After months of rumors about its fate, Bellevue-based T-Mobile USA was sold today to AT&T for $39 billion in a deal that’s reshaping the wireless industry as it begins delivering a new generation of services and devices.
If the deal is approved by regulators, AT&T will become the nation’s largest wireless carrier by a significant margin, leapfrogging Verizon Wireless and extending its upcoming mobile broadband network to 95 percent of the population.
Until the deal closes next year, customers of T-Mobile and AT&T should be unaffected and no, T-Mobile isn’t getting the iPhone just yet.
The long-term fate of T-Mobile employees is unclear but AT&T pledged to maintain a large footprint in the Seattle area where the U.S. wireless industry was spawned. A spokesman said AT&T will keep its headquarters in Dallas but “we plan to maintain a significant presence in Seattle.”
There was speculation in recent weeks that T-Mobile – the fourth-place carrier – would merge with third-place Sprint and perhaps Kirkland-based Clearwire, improving Sprint’s position against the largest two carriers, AT&T and Verizon.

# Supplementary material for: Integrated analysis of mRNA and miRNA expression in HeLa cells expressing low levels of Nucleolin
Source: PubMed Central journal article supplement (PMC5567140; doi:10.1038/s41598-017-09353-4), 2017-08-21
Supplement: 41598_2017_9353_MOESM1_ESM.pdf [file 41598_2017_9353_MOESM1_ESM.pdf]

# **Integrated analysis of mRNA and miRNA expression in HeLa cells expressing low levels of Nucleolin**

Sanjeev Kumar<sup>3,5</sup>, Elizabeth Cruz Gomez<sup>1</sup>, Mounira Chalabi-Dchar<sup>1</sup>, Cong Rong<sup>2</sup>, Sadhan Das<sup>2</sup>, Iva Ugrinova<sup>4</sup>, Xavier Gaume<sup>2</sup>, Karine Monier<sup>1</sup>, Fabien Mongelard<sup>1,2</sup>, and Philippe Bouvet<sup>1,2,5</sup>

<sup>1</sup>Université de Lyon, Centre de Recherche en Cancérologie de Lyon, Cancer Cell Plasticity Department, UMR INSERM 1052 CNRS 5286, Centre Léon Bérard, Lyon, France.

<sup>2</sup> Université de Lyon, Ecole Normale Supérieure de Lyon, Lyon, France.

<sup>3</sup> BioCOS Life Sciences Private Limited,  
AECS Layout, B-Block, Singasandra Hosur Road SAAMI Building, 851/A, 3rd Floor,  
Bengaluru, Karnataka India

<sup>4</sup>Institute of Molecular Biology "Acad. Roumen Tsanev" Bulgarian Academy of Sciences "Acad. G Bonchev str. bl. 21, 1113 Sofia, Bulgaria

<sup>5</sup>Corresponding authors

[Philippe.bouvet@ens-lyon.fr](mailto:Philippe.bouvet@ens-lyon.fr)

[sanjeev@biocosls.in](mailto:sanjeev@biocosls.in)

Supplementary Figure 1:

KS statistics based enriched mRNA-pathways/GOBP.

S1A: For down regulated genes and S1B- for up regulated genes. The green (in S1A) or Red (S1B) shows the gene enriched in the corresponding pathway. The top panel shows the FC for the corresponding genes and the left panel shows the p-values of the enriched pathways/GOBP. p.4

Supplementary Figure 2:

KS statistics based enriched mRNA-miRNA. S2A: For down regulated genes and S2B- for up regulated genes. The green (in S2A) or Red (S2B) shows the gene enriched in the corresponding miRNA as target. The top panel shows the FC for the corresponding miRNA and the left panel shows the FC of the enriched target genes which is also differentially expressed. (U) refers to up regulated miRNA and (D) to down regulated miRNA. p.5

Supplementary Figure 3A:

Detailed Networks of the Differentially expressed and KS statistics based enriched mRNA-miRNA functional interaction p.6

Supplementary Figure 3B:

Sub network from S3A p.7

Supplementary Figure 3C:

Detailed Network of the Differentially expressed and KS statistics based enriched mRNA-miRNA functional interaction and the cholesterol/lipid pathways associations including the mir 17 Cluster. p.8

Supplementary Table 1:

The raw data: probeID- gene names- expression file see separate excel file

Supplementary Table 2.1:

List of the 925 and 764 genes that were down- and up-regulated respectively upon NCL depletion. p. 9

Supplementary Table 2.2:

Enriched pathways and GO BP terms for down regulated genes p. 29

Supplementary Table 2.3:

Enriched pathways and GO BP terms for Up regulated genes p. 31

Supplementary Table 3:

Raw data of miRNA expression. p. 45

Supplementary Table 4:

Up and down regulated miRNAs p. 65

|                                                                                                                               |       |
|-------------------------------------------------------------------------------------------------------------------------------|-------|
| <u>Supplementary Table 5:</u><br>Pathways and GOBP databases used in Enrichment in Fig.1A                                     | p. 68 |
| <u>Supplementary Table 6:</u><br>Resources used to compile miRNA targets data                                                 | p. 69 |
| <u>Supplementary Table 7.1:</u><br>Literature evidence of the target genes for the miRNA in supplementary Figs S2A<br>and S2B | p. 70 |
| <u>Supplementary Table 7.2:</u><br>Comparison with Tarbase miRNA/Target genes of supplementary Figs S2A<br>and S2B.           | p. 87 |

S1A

But instead AT&T’s bulking up for its intensifying competition with Verizon, acquiring T-Mobile from parent Deutsche Telekom for $25 billion in cash and plus $14 billion worth of stock in a deal they expect to close in early 2012.
Deutsche Telekom will end up as AT&T’s largest shareholder with 8 percent of the Dallas-based company.
AT&T will use T-Mobile’s spectrum and network of towers to improve the quality of its service, which has been a sore point since it was burdened by heavy data usage of iPhone users starting in 2007. It also settles for good the question of which “fourth generation” network T-Mobile will pursue, since its customers will now have access to the LTE technology that AT&T’s developing.
“This transaction represents a major commitment to strengthen and expand critical infrastructure for our nation’s future,” Randall Stephenson, AT&T chairman and chief executive, said in the release. “It will improve network quality, and it will bring advanced LTE capabilities to more than 294 million people.”
Deutsche Telekom will use the proceeds to pay down debt and build up its position in Europe.